The Hayam is a temple to sunlight, open to the sky, filtering the sun’s rays through the intricately pierced plywood panels, and throwing dazzling patterns of light in every direction. At night the four pillars are illuminated from within like a giant lantern.
The pavilion references motifs and arabesques traditionally found in Moorish architecture but in itself the Hayam has ties to no religion; it provides a shared spiritual and sensual experience that transcends language and culture. The theme of the festival this year is ‘Caravanserai’, and our pavilion shares in all the connotations of that word: travel to exotic parts, adventure and exploration, fusion of cultures, crossing of borders, rest and shelter for weary travellers before they continue on their journey.
“If you invest in beauty, it will remain with you all the days of your life”. Frank Lloyd Wright
Video has been released of Larry Harvey’s speech last month at the Being A Man 2014 conference in Southbank, London. The warm up to his talk suggested it might be rather controversial, with Larry’s revelations about child abuse and necromancy. The talk itself is not so juicy, and consists mainly of Larry reading a long email about his hat that he wrote to his dog-burning son Tristan (“if he’d only perservered!”) during a time of great tribulation.
Larry says in his speech that the first burn “gave me the idea finally that it was OK just to do things, without worrying about the venue and without worrying about permission, without unduly worrying about the purpose, and to do these things in a spirit of pure self expression that was shared with other folks”.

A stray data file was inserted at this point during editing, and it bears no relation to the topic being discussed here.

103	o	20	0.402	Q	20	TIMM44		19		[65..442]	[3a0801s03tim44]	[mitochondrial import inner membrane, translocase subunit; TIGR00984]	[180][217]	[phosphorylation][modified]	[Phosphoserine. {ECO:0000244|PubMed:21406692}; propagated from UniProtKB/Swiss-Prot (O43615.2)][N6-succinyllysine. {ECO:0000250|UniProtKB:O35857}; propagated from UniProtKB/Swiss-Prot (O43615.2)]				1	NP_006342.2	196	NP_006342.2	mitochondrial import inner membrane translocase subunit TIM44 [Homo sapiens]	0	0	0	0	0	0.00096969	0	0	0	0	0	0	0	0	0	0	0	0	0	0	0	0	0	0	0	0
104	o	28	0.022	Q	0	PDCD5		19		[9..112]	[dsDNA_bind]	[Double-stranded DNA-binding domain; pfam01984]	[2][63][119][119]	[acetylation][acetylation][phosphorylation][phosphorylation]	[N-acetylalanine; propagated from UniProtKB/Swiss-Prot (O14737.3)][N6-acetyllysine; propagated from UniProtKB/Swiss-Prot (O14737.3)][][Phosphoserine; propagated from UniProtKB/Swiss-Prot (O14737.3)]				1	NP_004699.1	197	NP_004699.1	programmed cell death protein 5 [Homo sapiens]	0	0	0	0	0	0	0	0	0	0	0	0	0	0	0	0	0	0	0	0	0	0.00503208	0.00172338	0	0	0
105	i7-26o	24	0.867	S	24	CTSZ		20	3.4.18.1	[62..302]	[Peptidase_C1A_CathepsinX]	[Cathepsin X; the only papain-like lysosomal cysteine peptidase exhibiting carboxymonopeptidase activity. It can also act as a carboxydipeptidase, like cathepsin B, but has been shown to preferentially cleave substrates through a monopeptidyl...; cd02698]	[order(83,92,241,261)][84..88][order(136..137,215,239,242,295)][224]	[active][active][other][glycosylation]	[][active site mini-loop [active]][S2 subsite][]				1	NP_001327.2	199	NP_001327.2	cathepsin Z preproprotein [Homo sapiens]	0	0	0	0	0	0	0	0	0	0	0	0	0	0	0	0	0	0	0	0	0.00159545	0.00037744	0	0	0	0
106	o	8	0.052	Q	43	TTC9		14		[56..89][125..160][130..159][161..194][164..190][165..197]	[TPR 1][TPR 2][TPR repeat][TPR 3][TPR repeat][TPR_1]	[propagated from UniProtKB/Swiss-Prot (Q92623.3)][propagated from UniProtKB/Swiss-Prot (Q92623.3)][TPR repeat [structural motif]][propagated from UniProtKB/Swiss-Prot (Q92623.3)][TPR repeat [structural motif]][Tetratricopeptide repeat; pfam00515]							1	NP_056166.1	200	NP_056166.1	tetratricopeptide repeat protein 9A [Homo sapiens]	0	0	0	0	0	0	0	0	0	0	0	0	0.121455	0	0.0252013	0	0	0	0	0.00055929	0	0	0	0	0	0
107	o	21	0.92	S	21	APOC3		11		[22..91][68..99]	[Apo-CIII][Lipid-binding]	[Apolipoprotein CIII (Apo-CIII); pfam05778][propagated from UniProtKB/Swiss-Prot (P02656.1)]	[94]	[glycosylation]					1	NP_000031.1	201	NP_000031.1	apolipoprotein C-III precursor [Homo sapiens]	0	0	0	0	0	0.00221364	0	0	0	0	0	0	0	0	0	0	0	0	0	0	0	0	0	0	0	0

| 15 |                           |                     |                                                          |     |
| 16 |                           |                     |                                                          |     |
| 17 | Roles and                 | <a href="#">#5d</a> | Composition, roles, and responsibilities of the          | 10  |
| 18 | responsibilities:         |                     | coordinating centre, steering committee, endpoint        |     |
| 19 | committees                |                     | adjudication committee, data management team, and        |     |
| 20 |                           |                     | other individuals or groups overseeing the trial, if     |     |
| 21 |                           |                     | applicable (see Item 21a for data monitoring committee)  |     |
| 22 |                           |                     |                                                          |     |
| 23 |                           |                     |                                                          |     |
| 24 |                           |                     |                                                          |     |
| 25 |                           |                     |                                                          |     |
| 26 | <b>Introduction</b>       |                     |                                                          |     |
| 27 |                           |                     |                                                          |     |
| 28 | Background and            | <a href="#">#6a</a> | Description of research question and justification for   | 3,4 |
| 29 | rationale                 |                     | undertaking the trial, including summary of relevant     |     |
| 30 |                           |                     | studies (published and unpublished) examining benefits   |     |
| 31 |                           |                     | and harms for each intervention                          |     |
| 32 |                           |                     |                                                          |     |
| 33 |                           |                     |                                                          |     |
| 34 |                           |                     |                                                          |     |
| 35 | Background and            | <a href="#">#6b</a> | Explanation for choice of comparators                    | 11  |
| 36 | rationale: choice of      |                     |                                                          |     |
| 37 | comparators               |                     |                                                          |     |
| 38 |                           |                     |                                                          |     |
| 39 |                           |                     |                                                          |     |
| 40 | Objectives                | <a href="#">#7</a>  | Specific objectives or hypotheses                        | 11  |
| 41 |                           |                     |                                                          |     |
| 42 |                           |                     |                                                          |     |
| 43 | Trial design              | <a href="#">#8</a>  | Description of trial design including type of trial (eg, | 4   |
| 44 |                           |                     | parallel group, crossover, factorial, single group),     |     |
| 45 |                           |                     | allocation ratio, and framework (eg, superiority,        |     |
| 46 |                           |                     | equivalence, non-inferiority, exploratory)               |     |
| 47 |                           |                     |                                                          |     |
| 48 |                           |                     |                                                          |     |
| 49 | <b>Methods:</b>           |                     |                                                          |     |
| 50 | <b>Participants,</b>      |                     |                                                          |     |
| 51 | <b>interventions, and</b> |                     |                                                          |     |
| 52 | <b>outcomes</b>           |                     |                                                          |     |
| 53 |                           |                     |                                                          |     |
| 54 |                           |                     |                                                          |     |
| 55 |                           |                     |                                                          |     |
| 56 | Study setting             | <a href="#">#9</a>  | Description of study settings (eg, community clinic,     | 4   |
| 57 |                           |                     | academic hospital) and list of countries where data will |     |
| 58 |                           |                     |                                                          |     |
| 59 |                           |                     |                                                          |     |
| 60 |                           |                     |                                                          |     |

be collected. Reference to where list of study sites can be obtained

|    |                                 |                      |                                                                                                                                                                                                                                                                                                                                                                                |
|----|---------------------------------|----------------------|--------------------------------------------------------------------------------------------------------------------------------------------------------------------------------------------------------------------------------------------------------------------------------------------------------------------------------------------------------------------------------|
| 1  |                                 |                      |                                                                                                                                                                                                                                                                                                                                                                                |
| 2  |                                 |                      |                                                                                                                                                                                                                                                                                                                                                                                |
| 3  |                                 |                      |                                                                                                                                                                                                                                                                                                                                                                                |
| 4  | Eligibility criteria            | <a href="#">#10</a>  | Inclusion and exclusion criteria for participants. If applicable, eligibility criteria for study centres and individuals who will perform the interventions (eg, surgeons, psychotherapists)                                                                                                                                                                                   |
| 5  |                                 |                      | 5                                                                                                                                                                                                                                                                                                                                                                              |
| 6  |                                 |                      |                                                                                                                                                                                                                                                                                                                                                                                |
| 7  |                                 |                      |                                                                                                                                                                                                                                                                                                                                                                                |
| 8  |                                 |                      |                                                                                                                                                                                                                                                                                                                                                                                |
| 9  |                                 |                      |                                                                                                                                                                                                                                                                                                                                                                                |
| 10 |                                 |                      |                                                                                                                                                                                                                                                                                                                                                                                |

In later burns, watching others “pulling together” to haul the ship’s rope to lift the Man statue he designed up right “it was as if people had merged with it, and it mirrored us all back to one another. It was so conspicuously self conscious that we thought that we were the man – we were being a man, together”.
Here’s Larry on another panel from the conference, hosted by the winner of the George Orwell prize for journalism who wrote a compendium on conspiracy theories. Note he’s swapped out his trademark cowboy hat for the Burning Man Project Not Merchandise scarf, the hit new fashion accessory of the winter.
One significant aspect of these talks is, did Larry Harvey get paid for the engagement, or is this our donation dollars at work? The Burning Man Project, a non-profit, is now the owner of the Burning Man event. All the profits from the event, as well as our additional donations, go to the Burning Man Project. In the new structure they’ve devised, our tickets and vehicle passes are not tax deductible for us, only BMOrg gets the tax advantages. We buy them from their for-profit subsidiary, which then can reduce its tax bill to $0 by making an annual donation to its non-profit parent. This way, BMOrg and its owners get the benefit of the deal – ie, the tax break – and Burners foot the bill.
What does the Project do with all the money, both profits and donations? It pays salaries, travel, and costume expenses. And it supports a UFO art project going to Vegas, an event in their office on crowdfunding, and a sympoisum with the founders in New York that we were told would be released on video, but is still being kept a secret. One wonders, what was said there? We heard that Larry said Burning Man would accept Bitcoins (not true). Anyone else got any tips on what might have been said that was so controversial it had to be hushed up?
Sadly, we’re not just providing a few selected examples of all the good that the Project does. That’s it – this is the extent of it. It’s been several years now since what the Bay Guardian called the Old Bait and Switch. How is the Burning Man Project being a Catalyst for Creative Culture in the world? BMOrg don’t seem to be interested so much in gifting and sharing Burner culture, as they are in monetizing Burner culture for their own benefit and leveraging it to promote themselves and spread their own principles and ideas and rules.